"We knew that Tower Number 7 was probably not going to make it," Walton said. "We contacted the mayor's office and told them we would put up the New York databases on our own servers. In less than 12 hours, we had the system online and operational. The city wasn't able to connect until Friday, but when they did, they connected with a T3 line joined to 200 workstations. They tied into our servers and they've been running off of them ever since."
The E Team system also allows rescuers to connect wirelessly. The Fire Department was the first to use the wireless application to coordinate delivery of supplies and equipment they needed on the scene, said E Team's Hughes.
Hughes, a retired fire captain and former executive in the city's Office of Emergency Management, said he lost more than 200 friends who were firefighters on Sept. 11.
"So my work here is a personal as well as a professional issue," he said. "It's been so satisfying to be part of the technology team at the largest rescue and recovery mission our nation has ever seen."
E Team's software was originally engineered for the military to use in battlefield coordination. Walton said he realized the application could have commercial use after experiencing the Northridge earthquake in 1994.
"I had this big epiphany," Walton said. "I realized that this technology which had
been created to manage battles could also be used to handle natural disasters because battles are simply man-made disasters."

Reprinted from Wired News, http://www.wired.com. Copyright (c) 2001 Wired Digital Inc., Lycos Network site. All rights reserved.

I contacted executives at E Team and was invited to a virtual demonstration of their product.  Barry Adams, Manager of Tele-business, E Team, Inc. arranged for the demo via web conferencing via Placeware Web Conferencing.  Mr. Barry and Troy Armstrong conducted a professional demonstration of their product. 

Visit the web site for more information: http://www.eteam.com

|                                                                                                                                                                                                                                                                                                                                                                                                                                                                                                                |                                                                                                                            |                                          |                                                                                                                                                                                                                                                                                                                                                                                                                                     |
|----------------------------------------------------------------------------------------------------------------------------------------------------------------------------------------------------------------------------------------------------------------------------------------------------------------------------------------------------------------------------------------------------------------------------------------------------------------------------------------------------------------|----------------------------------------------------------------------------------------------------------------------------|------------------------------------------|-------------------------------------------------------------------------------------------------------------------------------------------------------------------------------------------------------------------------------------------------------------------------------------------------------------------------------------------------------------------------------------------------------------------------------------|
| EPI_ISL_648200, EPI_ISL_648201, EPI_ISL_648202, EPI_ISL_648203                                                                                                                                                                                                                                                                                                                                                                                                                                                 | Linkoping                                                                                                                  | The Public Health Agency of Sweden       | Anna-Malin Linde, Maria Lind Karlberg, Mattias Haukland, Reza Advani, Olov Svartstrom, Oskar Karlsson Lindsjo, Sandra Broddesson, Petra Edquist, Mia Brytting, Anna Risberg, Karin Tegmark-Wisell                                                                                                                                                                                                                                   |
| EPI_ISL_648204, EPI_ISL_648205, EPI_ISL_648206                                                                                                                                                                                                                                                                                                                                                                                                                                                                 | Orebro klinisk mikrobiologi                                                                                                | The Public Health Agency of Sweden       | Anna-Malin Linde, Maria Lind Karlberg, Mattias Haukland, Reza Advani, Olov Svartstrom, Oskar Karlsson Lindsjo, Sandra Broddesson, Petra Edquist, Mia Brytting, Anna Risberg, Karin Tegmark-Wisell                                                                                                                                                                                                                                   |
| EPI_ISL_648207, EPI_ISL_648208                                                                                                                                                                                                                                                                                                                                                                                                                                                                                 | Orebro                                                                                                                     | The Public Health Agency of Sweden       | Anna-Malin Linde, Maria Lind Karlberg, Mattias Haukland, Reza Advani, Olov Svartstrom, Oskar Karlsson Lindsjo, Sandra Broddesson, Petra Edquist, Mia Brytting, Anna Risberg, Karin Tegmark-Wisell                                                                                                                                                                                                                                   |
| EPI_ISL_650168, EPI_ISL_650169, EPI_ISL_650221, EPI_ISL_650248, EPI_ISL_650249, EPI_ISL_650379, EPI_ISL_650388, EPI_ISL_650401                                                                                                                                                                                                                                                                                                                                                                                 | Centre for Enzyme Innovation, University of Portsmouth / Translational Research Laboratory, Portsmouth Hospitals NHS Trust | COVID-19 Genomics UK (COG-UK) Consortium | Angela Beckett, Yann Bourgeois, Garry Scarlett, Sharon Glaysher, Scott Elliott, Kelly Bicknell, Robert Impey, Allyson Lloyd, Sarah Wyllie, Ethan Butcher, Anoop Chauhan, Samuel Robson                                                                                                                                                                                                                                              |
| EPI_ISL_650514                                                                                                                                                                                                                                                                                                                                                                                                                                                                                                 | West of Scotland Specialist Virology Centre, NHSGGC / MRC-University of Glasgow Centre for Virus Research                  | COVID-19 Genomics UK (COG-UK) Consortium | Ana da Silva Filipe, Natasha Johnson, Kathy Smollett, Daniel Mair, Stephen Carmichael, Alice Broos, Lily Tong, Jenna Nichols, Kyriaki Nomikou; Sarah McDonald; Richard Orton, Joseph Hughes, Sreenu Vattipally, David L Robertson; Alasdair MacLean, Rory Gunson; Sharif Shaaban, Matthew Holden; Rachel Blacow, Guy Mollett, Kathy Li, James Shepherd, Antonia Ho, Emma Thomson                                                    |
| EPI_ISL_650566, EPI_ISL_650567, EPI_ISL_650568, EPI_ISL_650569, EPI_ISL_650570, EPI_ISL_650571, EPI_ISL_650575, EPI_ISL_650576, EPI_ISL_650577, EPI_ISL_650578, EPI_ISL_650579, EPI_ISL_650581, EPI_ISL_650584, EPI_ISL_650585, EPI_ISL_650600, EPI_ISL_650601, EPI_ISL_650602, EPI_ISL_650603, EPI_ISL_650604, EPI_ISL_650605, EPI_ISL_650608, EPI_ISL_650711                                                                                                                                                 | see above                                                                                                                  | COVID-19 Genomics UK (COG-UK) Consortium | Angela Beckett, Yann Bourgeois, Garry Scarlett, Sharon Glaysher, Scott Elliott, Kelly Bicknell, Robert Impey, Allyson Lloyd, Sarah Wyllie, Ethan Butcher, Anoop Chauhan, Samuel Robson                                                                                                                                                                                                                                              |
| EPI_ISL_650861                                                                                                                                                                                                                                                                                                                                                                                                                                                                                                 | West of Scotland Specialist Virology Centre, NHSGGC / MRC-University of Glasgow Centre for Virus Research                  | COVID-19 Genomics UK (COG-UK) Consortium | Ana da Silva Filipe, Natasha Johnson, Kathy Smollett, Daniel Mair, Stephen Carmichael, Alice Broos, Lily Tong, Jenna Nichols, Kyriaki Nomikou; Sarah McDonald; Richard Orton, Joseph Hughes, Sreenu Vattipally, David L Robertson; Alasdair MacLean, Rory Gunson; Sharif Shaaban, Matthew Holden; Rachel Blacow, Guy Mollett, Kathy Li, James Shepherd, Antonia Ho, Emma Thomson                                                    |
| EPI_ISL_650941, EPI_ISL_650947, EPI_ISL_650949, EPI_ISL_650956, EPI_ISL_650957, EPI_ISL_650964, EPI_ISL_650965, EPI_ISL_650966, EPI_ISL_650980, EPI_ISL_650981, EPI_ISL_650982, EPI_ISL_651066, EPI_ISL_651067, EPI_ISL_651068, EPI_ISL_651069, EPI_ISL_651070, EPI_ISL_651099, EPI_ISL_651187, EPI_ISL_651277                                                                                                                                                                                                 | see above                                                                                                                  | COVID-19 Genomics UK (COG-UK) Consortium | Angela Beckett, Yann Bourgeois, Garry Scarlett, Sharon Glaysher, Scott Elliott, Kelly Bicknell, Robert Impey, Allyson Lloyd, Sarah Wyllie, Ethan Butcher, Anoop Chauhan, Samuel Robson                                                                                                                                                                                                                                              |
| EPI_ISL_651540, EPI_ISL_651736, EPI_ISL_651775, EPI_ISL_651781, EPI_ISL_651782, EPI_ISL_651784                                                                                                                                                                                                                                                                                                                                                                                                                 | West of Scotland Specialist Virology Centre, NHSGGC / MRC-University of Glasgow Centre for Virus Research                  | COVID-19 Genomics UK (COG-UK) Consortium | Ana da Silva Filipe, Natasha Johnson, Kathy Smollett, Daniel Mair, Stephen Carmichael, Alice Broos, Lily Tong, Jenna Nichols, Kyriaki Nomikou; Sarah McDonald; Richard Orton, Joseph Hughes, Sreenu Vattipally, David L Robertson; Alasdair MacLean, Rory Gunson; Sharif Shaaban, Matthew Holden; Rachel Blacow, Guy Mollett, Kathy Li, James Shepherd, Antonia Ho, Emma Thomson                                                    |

During the demonstration, the fact that the software is Incident Command System compliant made it obvious that the software is state of the art in emergency management. Any public entity whether at the federal, state, or local level would be well advised to employ this system in their emergency management program.  The private sector also has the opportunity to use E Team in the corporate version.

I conduct seminars at John Jay College of Criminal Justice on the subject of Combating Workplace Violence.

In addition to all forms of threatening and violent behavior, terrorism and hostage taking are key areas that are discussed.  The tragedy that occurred at Columbine provided us with the worst-case scenario when there is an absence of coordination and control with effective communications and intelligence. E Team software can provide a valuable instrument for command, control, communications and intelligence in crisis management. The corporate version of the software provides private safety and security in the private sector with similar databases of their corporate facilities. This data can provide first responders and emergency service personnel with the critical information needed in on-going incidents.

One of the great advantages of E Team is the ability to use wireless laptops or hand held PCs for communication in real time by police and fire commanders.  The software also has the capacity deal with multiple incidents. The Incident Commander can maintain command and control in incidents covering extensive geographical areas.  

The Office of Emergency Management of the City of New York uses E Team software. It is time that every high-rise building in the City of New York obtain this software for the safety and security of those who work and play in those buildings.

Copyright © 2003 Edward D. Reuss